Meet Native American Guyasuta

Larry Pearce

Chief Guyasuta (1725-1794)


Virtually all of my ancestors who settled on the New World frontier in Western Pennsylvania did so on the fertile farmland north of Pittsburgh and the Allegheny River, Campbells, Grays, Pearces, and Nelsons, to name a few. But that land had not always belonged to the United States government or the Commonwealth of Pennsylvania. We often take for granted the sometimes violent process that took place before our kin could safely settle, farm, and raise families. This is a brief expose based primarily on the information found in the two books cited below, which I have found interesting and vital to the understanding of their struggles and hardships, often going unmentioned in public school history classes and genealogical reports. Yes, it took the White explorers, traders, and politicians to set the stage for what we today optimistically call development, but one Native American name stands out in making the process possible. We will call this great Indian leader Guyasuta, although historians may refer to him by many different pronunciations with various spellings: Kiahshuta, Kiosolos, Giosota, Gai-a Soot-her, and so on. This is his story with respect to our families and the properties, townships, boroughs, counties, and land in general between the Allegheny River and Lake Erie.

Guyasuta belonged to the Seneca tribe, one of the Six Nations of the Iroquois. Villages were comprised of long houses made of poles, sticks, branches, and animal hides. Staying in one place for as many as ten years, the subsistence living consisted of hunting, fishing, and planting. When the fish and game had been used up, these early people packed their few belongings and moved to a new location. According to Hardie, “The basic social unit of the Iroquios was the group of related women and their families.” The younger members obeyed the elders, who appointed men to serve on inter-tribal councils. Guyasuta had the reputation of being a convincing speaker.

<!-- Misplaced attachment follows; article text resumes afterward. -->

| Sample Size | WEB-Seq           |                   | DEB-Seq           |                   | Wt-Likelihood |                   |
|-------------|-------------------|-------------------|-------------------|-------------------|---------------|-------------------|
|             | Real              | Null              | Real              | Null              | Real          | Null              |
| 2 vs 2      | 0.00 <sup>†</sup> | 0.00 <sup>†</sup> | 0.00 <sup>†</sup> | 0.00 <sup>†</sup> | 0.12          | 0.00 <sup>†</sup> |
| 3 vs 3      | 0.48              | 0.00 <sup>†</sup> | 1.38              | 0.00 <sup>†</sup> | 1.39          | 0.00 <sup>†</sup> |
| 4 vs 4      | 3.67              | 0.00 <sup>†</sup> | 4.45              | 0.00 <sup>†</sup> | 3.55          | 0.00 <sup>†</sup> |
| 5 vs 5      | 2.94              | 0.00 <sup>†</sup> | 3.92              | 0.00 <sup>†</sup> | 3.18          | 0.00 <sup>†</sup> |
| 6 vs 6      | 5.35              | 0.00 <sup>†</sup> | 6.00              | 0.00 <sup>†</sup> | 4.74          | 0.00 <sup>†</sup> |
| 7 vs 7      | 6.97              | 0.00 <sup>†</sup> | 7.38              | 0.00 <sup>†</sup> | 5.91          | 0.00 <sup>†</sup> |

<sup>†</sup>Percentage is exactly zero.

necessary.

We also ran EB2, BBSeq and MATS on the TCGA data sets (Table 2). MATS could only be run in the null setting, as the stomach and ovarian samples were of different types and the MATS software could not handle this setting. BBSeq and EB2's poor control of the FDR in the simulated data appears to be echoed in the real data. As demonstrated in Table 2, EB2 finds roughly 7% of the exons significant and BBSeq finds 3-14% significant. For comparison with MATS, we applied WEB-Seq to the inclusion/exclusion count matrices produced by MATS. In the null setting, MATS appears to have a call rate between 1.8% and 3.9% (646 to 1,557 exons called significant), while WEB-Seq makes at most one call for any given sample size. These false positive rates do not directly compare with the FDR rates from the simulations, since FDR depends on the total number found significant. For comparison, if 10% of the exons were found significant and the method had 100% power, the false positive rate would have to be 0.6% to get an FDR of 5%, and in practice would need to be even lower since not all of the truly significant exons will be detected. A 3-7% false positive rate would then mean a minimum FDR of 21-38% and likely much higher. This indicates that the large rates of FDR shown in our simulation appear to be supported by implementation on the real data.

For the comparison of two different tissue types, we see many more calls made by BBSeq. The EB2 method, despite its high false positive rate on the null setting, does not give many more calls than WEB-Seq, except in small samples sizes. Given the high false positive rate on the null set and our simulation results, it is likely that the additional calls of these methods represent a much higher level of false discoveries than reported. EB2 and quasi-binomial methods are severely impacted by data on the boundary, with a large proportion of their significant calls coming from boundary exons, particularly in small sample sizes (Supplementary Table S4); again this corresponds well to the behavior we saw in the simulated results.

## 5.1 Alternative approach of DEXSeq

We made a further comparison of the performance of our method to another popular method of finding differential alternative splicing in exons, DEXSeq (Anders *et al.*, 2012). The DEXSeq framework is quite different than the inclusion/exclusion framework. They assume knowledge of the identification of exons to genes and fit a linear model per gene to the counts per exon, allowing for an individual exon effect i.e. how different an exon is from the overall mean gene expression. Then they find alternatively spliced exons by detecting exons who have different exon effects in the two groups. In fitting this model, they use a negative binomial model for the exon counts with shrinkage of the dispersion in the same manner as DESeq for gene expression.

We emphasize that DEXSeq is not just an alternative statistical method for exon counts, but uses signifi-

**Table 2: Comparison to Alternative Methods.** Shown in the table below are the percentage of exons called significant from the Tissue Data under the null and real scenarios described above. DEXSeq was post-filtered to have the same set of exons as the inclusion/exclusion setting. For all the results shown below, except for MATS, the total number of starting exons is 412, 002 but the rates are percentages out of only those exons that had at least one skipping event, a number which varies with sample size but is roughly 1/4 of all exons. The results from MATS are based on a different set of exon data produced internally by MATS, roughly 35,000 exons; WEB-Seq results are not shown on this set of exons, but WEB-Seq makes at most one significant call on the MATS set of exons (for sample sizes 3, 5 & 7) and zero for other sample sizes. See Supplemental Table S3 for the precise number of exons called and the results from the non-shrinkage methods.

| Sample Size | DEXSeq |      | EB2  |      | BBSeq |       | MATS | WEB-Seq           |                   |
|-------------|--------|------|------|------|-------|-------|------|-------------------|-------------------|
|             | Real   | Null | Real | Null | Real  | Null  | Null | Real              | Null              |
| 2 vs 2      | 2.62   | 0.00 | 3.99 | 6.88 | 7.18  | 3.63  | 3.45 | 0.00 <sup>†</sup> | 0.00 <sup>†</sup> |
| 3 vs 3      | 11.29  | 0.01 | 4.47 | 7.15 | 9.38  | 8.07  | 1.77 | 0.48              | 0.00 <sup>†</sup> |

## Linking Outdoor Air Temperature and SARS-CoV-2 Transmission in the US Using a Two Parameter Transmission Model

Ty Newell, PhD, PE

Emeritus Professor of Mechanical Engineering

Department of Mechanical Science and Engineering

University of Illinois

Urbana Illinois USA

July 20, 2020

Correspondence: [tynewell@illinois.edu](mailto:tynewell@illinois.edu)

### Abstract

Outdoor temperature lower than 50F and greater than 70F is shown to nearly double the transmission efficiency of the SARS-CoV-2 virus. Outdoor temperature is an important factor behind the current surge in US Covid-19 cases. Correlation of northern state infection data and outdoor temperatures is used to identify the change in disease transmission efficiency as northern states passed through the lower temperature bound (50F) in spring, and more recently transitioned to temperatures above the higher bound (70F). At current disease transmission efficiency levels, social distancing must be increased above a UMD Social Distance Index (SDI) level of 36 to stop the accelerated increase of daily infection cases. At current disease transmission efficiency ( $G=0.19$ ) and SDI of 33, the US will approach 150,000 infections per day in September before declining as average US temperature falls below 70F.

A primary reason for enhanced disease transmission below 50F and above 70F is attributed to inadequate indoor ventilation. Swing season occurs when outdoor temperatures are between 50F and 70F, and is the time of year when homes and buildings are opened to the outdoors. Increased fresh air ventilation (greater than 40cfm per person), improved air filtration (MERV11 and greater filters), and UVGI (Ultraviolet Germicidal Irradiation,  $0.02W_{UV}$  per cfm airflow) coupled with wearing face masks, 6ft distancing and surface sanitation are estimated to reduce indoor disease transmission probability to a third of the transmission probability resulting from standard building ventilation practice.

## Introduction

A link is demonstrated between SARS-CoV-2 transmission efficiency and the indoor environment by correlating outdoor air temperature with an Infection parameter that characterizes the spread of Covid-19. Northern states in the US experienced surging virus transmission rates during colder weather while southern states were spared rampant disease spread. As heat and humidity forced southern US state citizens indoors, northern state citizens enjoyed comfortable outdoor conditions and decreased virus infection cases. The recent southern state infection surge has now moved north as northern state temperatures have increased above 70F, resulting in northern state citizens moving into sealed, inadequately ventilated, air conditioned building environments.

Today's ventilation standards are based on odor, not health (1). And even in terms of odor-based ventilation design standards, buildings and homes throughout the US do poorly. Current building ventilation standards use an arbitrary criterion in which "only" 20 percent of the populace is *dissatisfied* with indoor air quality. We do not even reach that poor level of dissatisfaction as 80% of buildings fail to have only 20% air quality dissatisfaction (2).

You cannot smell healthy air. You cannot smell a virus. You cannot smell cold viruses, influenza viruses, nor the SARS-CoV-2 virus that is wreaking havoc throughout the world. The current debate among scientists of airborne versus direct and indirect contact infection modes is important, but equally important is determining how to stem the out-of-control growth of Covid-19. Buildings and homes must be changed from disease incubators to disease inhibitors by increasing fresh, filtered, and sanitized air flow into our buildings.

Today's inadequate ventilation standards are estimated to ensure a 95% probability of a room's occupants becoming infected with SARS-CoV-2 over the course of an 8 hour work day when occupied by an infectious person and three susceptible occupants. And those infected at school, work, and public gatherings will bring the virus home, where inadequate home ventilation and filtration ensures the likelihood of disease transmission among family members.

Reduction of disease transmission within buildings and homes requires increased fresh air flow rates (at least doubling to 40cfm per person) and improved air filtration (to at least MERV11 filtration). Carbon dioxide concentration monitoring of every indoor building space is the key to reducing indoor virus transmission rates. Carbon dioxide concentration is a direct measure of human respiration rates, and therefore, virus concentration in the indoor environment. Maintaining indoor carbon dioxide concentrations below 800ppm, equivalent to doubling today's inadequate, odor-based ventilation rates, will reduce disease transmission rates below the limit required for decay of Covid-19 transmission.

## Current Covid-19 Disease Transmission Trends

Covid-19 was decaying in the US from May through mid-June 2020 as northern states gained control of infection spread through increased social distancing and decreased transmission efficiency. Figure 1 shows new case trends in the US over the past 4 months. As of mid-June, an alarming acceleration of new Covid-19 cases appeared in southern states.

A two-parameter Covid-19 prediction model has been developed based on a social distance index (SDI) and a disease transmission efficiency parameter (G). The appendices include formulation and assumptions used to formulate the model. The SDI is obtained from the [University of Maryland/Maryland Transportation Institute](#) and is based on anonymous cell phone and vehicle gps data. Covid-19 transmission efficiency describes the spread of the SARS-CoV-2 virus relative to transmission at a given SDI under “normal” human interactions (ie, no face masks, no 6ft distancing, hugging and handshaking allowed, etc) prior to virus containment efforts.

After the defeat of the French and their Indian allies at Fort Pitt in the autumn of 1758, the British and their caretaker Penn family in Philadelphia sought to keep the peace, forbidding White settlement north of Pittsburgh, across the Allegheny and Ohio Rivers. Three years later, the British commander, attempting to further discourage any segregation, forbade giving gifts to the natives. That only made them angry as they had grown accustomed to using the British bullets for hunting and they were running out of ammunition. Guyasuta traveled to the capital of the Midwestern tribes, Detroit, to expel the Whites. A company of at least 100 Delaware, Shawnee, Twightwee, and Cherokee made life very dangerous in what was known as “Northwest Indian Territory” for a few years. Sometime before 1768 Guyasuta had a change of heart. Together with 15 painted warriors and 1,100 other natives, he urged peace at a council at Fort Pitt. With the start of the Revolutionary War in 1776, the Senecas tried to maintain neutrality, but in the next few years squirmishes with White settlers near Kittaning and Hannastown left cabins burned and settlers and Indians dead. Guyasuta was caught in the middle. With the signing of the Fort Stanwix treaty, New York, in 1784, the former hunting grounds of the Senecas and the Six Nations west of the mountains and north of the Allegheny River was finally opened for White settlement. Although some rogue elements of the native peoples made immediate clearing, building, and farming unwise, eventually, with the financial encouragement of both the Federal and State governments through what was called the Depreciation Lands Act, the land was well-spoken for. The Grays sailed from Northern Ireland around 1790 to live in Northern Allegheny County. Our Henry Moon moved into what is now North Park by 1794. James Crawford established residence in O’Hara Township in 1808, followed by the Norrises in West Deer 1810, and our Campbells just two years later. By the time the Pearce and Austen brother-in-laws arrived at Pine Creek in 1820, their mill and farm site had already been developed. Ironically, with the establishment of North Park on their homestead a century later, the county actually imported real Indians and buffalo from the West as a promotional gimmick. But what ever happened to the “original settler,” Guyasuta?